Dozens and dozens of examples were found with an easy search where persons are posting gleefully in the spirit of ‘EXPERIMENTATION ’, that they have opened their neighbor’s garage doors, or activated / disabled their neighbor’s wireless security system, or copied and defeated the neighbor’s keychain vehicle entry system and started their car, or hijacked their friend’s remote control vehicle, drone, or R/C model airplane. One of some humor was continuously ringing the neighbor’s wireless doorbell at inappropriate times, or causing the neighbor’s security gates to open and close over and over. An enterprising ‘experimenter’ was testing a video loop to transmit to his friend’s wireless security cameras to make the front door look secure when it was in all actuality a pre-recorded video transmitted back to the camera and shown on the monitor and recorder as an empty porch. One site suggested a good test was to intercept signals emanating from one’s own cell phone. Another site poster bragged about receiving cordless phone signals and stated he could actually access information. Have you ever entered your Credit Card or SSN into an automated phone system? Another was working on a way to read smart meters; but was complaining about needing help with some coding. You can use your own imagination.

    Understanding the ether to be a very rich RF “target environment”; how many more uses can you think of? How about traffic control devises; all lights Green in all directions, or hospital telemetry; everyone on this floor is A-Okay, or passenger train switching systems, or wireless weather stations for bridge safety, or aircraft and marine systems. Better watch out for that overhead remote control crane. How about municipal water supply systems or flood control devices? How about large infrastructure systems like pipeline controls, public safety systems, or environmental monitoring systems? The list is endless. Some of the hacker posters were utilizing these devices with amplifiers at distances exceeding 1 KM.

    Other than “experimentation”, or reception and decoding of Amateur Radio signals in the amateur bands, can you think of a use that would be considered acceptable by a reasonable person? Ok, how about a licensed and controlled lab environment for the purpose of testing sensitive systems, security, or other RF devices for commercial or governmental use?

    We get the experimentation thing. We understand that SDR has a place in the future of Amateur Radio. The person in the video states it is his belief that the next generation of amateur operators will be ‘Hackers’. However, using these types of devices to conduct some of the activities discovered and mentioned above is not only unethical; it could be interpreted as criminal.
  5. K4AAQ

    K4AAQ Ham Member QRZ Page

    The two comments above are among the most well written, thoughtful and non-inflamitory responses I've seen on and mostly above my pay grade to comment on. I'll point Micheal to them. Maybe he'll drop in.

    I can say to N1FOY that attempting to make the tools unavailable usually doesn't work. The FCC tried to prevent cell phone eavesdropping by making it illegal to listen, and to include those frequencies in receivers (though they never tried to confiscate the millions of receivers in the field already). What worked was the cell companies going digital, with encryption schemes and technology that seems to work. They're probably not unbreakable now, but any cell phone monitoring is out of the realm of the typical scanner buff.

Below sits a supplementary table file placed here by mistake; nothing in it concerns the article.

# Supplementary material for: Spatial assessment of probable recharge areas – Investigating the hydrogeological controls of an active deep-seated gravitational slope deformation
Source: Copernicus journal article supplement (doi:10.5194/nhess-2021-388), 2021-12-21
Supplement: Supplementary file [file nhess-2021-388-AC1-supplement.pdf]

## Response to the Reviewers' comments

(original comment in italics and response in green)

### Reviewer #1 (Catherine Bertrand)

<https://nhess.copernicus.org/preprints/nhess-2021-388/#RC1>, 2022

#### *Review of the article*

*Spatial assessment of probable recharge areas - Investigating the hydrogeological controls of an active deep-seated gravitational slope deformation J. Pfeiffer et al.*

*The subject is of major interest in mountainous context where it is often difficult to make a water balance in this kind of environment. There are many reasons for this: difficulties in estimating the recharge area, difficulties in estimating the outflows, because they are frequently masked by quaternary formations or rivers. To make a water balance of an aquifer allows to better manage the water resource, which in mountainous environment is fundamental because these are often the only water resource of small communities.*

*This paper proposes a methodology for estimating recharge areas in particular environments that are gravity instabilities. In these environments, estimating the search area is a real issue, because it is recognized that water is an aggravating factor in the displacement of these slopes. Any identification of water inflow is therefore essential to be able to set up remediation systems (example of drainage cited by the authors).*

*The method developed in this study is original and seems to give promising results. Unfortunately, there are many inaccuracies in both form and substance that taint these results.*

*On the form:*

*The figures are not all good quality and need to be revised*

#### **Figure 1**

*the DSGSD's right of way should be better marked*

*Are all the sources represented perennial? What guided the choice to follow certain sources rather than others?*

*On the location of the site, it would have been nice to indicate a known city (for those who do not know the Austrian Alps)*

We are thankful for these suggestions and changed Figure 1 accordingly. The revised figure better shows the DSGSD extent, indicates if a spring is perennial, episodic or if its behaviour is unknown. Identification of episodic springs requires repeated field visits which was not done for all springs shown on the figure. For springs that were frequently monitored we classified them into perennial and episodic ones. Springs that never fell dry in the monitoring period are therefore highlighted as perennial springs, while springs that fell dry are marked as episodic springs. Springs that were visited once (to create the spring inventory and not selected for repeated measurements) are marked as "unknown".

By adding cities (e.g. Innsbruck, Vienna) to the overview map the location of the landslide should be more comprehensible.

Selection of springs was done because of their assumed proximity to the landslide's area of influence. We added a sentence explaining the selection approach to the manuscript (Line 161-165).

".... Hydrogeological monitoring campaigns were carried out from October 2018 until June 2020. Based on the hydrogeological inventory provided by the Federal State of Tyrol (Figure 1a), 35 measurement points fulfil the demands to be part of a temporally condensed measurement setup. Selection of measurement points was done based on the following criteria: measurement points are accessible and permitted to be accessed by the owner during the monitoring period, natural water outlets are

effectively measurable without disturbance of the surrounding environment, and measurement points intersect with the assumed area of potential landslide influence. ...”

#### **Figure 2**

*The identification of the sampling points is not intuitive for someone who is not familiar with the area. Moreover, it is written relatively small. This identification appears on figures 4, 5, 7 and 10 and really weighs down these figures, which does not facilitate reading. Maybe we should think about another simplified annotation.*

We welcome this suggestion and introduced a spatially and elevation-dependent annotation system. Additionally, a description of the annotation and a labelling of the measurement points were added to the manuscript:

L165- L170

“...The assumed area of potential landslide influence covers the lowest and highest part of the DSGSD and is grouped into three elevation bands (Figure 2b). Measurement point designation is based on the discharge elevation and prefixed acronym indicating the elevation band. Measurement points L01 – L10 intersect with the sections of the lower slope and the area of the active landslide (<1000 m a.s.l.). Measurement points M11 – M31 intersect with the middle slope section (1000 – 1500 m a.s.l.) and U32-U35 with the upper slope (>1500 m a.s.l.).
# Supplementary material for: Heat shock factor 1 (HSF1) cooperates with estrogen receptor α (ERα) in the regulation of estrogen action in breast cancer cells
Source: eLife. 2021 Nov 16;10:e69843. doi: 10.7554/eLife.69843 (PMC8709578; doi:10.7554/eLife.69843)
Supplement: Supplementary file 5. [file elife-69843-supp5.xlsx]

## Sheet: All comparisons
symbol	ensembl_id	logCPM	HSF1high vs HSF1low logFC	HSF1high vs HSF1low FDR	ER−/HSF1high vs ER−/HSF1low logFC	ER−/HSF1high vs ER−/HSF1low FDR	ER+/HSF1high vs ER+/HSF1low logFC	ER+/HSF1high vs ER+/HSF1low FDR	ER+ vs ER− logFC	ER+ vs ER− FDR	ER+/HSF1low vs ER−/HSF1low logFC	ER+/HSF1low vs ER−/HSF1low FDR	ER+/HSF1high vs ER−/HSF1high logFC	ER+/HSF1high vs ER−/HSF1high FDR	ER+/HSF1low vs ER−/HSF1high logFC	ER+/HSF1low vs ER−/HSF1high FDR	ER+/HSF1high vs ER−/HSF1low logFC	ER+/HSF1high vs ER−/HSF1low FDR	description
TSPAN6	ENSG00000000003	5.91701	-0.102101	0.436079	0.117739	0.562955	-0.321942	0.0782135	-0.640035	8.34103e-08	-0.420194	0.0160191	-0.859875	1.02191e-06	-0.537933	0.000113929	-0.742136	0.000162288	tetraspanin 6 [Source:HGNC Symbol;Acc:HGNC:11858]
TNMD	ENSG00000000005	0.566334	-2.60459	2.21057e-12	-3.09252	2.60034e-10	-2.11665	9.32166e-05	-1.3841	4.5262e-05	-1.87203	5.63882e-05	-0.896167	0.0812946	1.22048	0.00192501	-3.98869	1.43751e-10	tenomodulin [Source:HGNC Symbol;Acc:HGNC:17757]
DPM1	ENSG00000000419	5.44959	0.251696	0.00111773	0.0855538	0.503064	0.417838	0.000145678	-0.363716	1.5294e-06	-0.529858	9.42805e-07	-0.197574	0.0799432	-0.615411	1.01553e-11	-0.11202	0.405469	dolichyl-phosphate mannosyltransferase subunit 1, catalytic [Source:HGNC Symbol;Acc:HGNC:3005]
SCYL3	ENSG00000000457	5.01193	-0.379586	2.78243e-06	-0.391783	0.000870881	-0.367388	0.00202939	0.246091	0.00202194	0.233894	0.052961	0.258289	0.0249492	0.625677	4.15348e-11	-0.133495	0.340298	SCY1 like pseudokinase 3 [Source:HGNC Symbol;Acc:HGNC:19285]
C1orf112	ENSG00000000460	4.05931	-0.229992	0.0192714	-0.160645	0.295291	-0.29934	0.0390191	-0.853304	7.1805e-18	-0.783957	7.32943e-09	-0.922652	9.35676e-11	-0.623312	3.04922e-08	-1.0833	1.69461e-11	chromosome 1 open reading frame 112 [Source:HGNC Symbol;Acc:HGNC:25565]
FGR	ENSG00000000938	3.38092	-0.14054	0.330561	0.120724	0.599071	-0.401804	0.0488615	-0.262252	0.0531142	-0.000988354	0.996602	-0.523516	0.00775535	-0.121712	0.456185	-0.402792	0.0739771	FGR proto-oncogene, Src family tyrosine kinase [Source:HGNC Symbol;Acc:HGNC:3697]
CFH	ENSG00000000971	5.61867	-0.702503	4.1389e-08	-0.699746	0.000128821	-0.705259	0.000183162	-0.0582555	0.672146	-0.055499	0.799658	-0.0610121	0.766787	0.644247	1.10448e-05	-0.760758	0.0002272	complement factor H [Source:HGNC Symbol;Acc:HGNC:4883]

One of those 'just below the RADAR' debates in ham radio is how easy it is to 'mod' our radios to transmit outside the ham bands (and most of mine are). Once in a while we hear a story of someone who got caught because they couldn't resist the temptation to bait a police department. Now most of the Chinese radios coming in doesn't even require the 'remove a diode' fig leaf.

    Some of what hackers do is point out the security flaws in the systems we rely on. Sometimes, of course, they exploit them instead. When I figured out that the HackRF board was pretty much an 'an mode on any frequency' tool, my eyebrows raised, and I expected that it would see some pushback.

    73, Gary KN4AQ
    Last edited: Jul 12, 2015
  6. KF7RHB

    KF7RHB Ham Member QRZ Page

    "Advance Radio"

    Yes. Yes, yes, yes. A thousand times, yes.

    As a youngish ham? I wonder sometimes why the light of experimentation seems to have died from amateur radio. Both hackers and hams come from the same tree, but the latter is much more conservative. The culture of ham radio is a double edged blade. On the one hand, preserving the older culture of radio, from morse code to jargon like 73 and wavelengths, has value in the same way that sewing one's own clothes or quilting have value. Ham radio has become less a science or art than a craft. And I love crafts! It is human and wholesome to roll one's own, to do human routing of communications traffic and handshaking ("operating"). But although I'll admit to mostly being an operator, it is the experimentation which gets me, the learning of science and technology, the potential that I might be part of citizen science. Both the magic and science of radio deserve a better balance.

    And there's the rub: DIY, makers, and hackers will inherit the ham earth. But the edge of experimentation in ham culture has dulled.

    Ossman outlined a few reasons for that. I think the jargon issue is indeed worth looking at. Ham radio has this well-preserved culture, which at least in the USA is, shall we say, a bit insular.